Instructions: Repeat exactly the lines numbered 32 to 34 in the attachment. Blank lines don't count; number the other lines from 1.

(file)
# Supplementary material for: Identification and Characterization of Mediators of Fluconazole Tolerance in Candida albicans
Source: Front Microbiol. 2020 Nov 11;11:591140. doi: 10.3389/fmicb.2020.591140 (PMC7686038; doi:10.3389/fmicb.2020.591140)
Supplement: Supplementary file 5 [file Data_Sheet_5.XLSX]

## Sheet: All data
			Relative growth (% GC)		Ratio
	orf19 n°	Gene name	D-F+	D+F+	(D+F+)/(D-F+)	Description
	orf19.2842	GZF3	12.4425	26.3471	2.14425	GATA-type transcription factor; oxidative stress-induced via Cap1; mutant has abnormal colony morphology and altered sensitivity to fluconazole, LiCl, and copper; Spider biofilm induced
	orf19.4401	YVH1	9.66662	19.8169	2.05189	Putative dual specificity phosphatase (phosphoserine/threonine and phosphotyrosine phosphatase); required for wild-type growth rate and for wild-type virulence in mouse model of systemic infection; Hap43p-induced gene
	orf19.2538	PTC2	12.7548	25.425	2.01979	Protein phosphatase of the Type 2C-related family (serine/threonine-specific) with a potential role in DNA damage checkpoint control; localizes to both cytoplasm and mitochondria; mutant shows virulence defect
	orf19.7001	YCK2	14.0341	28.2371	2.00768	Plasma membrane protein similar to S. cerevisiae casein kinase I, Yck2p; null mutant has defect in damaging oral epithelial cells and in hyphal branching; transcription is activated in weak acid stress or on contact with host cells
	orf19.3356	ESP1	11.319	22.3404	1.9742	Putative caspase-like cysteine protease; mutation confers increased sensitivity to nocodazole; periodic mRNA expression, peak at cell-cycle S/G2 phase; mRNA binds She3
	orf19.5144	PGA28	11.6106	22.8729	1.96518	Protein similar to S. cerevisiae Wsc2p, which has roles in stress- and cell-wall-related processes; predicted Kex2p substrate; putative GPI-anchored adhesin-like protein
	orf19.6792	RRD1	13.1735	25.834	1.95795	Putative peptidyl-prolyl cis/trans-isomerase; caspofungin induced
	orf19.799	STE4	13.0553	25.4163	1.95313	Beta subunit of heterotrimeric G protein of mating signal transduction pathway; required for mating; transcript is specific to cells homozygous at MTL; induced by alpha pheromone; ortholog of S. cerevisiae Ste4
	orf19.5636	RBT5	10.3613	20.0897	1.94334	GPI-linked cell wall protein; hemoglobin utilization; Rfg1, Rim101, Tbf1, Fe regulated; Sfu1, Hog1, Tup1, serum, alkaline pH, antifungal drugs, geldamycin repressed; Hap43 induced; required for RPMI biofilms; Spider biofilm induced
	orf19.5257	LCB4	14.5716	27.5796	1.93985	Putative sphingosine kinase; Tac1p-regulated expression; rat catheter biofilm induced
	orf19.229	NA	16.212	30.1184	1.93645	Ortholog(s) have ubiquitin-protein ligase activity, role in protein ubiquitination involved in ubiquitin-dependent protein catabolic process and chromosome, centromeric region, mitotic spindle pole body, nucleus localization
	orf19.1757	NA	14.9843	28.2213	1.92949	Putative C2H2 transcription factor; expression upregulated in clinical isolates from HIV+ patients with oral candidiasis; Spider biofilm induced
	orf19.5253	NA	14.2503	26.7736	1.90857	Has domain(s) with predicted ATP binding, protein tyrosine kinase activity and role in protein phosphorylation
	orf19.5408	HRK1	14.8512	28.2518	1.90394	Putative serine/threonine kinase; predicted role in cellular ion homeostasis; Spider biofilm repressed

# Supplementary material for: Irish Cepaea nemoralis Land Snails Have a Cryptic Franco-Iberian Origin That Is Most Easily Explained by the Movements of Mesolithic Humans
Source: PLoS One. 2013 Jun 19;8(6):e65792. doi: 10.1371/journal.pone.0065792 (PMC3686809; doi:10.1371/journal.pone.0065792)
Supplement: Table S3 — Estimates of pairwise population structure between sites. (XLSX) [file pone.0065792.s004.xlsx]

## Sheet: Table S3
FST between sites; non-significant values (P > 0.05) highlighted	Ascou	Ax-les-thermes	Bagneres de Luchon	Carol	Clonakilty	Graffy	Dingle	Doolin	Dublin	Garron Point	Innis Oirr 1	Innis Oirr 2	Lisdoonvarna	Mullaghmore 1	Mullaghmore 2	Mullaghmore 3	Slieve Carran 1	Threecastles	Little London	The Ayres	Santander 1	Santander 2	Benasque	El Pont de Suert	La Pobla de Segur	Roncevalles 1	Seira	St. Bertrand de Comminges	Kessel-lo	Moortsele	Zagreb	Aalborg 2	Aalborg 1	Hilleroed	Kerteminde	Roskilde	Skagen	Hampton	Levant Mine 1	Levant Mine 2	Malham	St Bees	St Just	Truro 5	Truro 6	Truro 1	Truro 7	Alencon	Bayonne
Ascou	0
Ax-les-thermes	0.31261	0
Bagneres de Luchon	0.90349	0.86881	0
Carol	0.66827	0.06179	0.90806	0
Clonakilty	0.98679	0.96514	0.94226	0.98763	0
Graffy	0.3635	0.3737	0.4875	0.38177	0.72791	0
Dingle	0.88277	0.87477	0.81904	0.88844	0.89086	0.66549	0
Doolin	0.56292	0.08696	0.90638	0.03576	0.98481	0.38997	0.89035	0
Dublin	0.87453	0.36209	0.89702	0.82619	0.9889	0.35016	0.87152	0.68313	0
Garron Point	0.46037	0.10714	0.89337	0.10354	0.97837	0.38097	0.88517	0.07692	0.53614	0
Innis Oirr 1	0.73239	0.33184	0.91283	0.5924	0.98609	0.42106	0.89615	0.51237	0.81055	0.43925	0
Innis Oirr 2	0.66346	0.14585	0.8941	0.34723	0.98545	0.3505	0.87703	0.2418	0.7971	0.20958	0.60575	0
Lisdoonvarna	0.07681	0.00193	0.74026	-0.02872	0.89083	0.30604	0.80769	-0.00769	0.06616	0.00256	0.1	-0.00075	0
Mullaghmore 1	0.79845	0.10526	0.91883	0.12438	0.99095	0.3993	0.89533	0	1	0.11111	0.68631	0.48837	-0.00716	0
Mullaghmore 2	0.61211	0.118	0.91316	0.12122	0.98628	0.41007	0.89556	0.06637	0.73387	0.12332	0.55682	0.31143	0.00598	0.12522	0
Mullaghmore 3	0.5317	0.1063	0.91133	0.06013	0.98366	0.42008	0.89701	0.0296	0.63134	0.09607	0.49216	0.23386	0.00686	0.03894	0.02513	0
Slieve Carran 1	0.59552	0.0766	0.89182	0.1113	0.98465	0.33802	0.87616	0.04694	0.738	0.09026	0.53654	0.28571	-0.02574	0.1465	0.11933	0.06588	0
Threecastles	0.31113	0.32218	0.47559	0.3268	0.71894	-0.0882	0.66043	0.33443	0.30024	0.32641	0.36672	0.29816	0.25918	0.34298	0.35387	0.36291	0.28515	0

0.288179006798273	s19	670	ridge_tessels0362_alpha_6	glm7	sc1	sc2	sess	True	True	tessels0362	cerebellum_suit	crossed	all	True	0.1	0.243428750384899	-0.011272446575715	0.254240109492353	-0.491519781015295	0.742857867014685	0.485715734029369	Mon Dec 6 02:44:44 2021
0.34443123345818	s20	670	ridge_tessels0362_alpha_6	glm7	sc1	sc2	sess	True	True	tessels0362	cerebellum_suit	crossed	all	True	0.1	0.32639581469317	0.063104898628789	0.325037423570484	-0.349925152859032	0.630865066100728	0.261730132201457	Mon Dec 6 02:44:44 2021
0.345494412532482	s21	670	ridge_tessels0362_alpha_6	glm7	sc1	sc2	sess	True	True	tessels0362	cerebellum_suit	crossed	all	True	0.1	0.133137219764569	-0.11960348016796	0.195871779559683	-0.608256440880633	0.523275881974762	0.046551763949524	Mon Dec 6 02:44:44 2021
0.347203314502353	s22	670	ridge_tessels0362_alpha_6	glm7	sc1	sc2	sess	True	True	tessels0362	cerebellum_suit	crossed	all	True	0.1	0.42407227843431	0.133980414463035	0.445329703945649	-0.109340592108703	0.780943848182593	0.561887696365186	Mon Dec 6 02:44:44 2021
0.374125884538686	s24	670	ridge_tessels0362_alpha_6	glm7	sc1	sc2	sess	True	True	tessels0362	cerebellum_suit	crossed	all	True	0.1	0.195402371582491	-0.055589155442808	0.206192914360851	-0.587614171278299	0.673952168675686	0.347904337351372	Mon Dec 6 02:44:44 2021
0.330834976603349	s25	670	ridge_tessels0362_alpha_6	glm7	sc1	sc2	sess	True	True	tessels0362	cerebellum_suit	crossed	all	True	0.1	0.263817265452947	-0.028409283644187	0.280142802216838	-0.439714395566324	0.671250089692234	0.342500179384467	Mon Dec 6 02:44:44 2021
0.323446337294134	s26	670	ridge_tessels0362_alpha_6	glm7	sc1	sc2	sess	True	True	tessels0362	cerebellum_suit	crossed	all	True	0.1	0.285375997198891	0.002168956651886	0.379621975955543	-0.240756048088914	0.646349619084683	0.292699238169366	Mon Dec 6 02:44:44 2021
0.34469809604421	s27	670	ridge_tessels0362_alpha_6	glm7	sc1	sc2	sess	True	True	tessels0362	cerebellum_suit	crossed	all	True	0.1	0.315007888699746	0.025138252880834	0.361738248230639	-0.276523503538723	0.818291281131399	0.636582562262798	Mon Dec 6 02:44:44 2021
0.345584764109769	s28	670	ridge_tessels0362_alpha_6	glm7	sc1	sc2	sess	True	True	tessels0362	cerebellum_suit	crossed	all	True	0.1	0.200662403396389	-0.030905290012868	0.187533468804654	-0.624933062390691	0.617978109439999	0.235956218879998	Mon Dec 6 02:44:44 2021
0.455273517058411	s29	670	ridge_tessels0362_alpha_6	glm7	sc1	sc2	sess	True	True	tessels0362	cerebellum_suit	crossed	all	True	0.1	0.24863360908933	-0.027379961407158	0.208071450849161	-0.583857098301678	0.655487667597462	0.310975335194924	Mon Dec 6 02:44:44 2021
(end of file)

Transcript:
Dingle	0.88277	0.87477	0.81904	0.88844	0.89086	0.66549	0
Doolin	0.56292	0.08696	0.90638	0.03576	0.98481	0.38997	0.89035	0
Dublin	0.87453	0.36209	0.89702	0.82619	0.9889	0.35016	0.87152	0.68313	0